The Game Room
The Command & Conquer series helped define the real-time strategy (RTS) genre. But despite continued success on the PC, the series hasn't appeared on the Mac since its initial release more than six years ago. Now Aspyr has brought the game back to the Mac, with Command & Conquer Generals -- a fun, challenging, and thoroughly modernized game.
Command & Conquer Generals includes all the hallmarks of a classic RTS game -- you'll command military units, manage resources, and create different types of buildings, all while trying to take control of enemy territory. However, the scope and nature of this game make it significantly different from its forebears. Instead of just pitting two warring superpowers against each other, Command & Conquer Generals better reflects the realities of modern warfare. You'll navigate between three different armies -- the United States, China, and a fictional terrorist organization called the GLA. This lineup shifts the balance of power within the game. Instead of just trying to build up fast, powerful units, you have the option of using less-conventional means of warfare, such as salvaging your enemy's weapons or committing acts of terrorism.
A sizable single-player mode lets you take command of each major power as you try to complete more than half a dozen missions each. You can also face off against the computer in skirmish battles or go online to compete against other Mac players. Despite early suggestions that the game would allow cross-platform competition, Aspyr ultimately wasn't able to make it work. (The game arrives more than a year after its PC counterpart.) Instead, you can connect to other Mac players through the online GameRanger service or by entering TCP/IP addresses, if you prefer a private game.
Command & Conquer Generals isn't for dabblers. The game's Hard and Brutal levels are exactly that -- unless you're a superior RTS player, the AI will lay you out flat. I'm an RTS fan and I couldn't handle it at the Brutal level. Heck, Normal was enough for me most of the time.
Fans of other RTS games, such as Warcraft, will likely need to unlearn some habits before they're able to play Command & Conquer effectively. I found the process of controlling troops obtuse. I kept deselecting units instead of directing them, and then discovering later that I'd lost a prime parcel of real estate because my soldiers were standing around gabbing instead of garrisoning a building. While this isn't really a flaw with Command & Conquer, the different approach may frustrate RTS fans who have grown accustomed to other games.
Graphics in the Command & Conquer series have come a long way since its last Mac release. No longer is Command & Conquer limited to tiny, 2-D, bitmapped sprites rendered in isometric perspective. The game now features richly detailed and lushly animated polygonal graphics, which you can zoom in on to get a better view. Tanks leave track marks, and exploded vehicles and ordnance leave marks on nearby walls. It's all very impressive.
Command & Conquer Generals requires a 1GHz Mac with a G4 or faster processor and a decent graphics card. But even my dual-1GHz Power Mac G4 equipped with an ATI Radeon 9800 Pro Mac Edition video card got bogged down when there was a lot happening on screen at once.
The game is rated T, for Teen, and is chock-full of violence and explosions.
The Bottom Line Despite the steep system requirements, publishing delays, and lack of cross-platform support, Command & Conquer Generals is a fun -- and seriously challenging -- addition to the real-time strategy genre.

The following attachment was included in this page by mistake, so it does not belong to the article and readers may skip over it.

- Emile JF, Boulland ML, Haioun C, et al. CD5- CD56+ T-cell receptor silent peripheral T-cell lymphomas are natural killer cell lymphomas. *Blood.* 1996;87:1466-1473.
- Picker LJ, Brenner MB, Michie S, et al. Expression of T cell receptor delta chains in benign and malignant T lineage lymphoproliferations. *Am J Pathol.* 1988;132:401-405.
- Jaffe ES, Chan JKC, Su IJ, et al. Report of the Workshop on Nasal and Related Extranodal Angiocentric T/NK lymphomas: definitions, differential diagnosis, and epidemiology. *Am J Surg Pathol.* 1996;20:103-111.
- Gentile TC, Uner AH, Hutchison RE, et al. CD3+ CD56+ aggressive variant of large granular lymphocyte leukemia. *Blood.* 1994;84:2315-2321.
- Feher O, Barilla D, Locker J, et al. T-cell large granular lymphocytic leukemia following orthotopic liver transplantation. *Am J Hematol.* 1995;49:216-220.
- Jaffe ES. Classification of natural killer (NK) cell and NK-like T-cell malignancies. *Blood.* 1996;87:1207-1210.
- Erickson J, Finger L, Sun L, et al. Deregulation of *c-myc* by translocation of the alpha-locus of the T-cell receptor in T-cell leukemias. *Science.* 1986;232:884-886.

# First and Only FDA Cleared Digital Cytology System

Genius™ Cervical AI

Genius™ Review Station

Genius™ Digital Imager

If you're a fan of graphical adventure games such as Cyan's legendary Myst series, you should check out Riddle of the Sphinx II: The Omega Stone, from The Adventure Company. This beautifully rendered game features a globe-trotting adventure and plenty of challenging puzzles -- in fact, there may be more challenge here than you're ready to take on.
Riddle of the Sphinx II is a sequel that picks up just a few minutes after the first game ends. However, you don't need to be familiar with the first game to play. In Riddle of the Sphinx II, you're an archaeologist whose colleague has just discovered an ancient scroll bearing ominous warnings that prophesy the end of the world. As you unravel the scroll's mysteries, you'll travel to locations as varied as the Great Pyramid of Giza, Chichén Itzá, Easter Island, and Stonehenge.
The game's action centers on solving puzzles and exploring. You'll spend much of your time uncovering clues, solving puzzles and riddles, and piecing together bits of information from research notes, maps, and other data you'll collect on the way. I found the game's puzzles tremendously challenging. They're certainly not for the impatient.
Navigating Riddle of the Sphinx II, however, couldn't be easier. You simply point and click with your mouse. The game's cursor is dynamic, so it shows when you can move forward or back or whether you can interact with spots or objects. Although each frame is a prerendered image, you can pan in 360 degrees to get a full sense of where you are. Occasionally, you'll even interact with other people -- live actors who have been blue-screened into the action. The game's sound effects and soundtrack are top-notch.
To play, you'll need a 600MHz G3 or faster and 1GB of free disk space. The game play is divided between four CDs, so you'll spend a good bit of time switching out discs. It's a shame the developer didn't combine the action onto a single DVD instead -- after all, every current Mac has a built-in DVD player.
The Bottom Line Riddle of the Sphinx II: The Omega Stone has plenty of challenges to keep fans of graphical adventure games busy for quite some time. However, be prepared to put a lot of effort into puzzling out the game's clues.
Busy As a Beaver
Didi and Ditto are red and blue beavers who inhabit a land of colorful and eccentric cartoon creatures such as Couki the dog, Zolt the wolf, and HipHop the rabbit. They are also the title characters of Kutoka Interactive's latest learning adventure, Didi & Ditto Kindergarten, aimed at children four to six years old.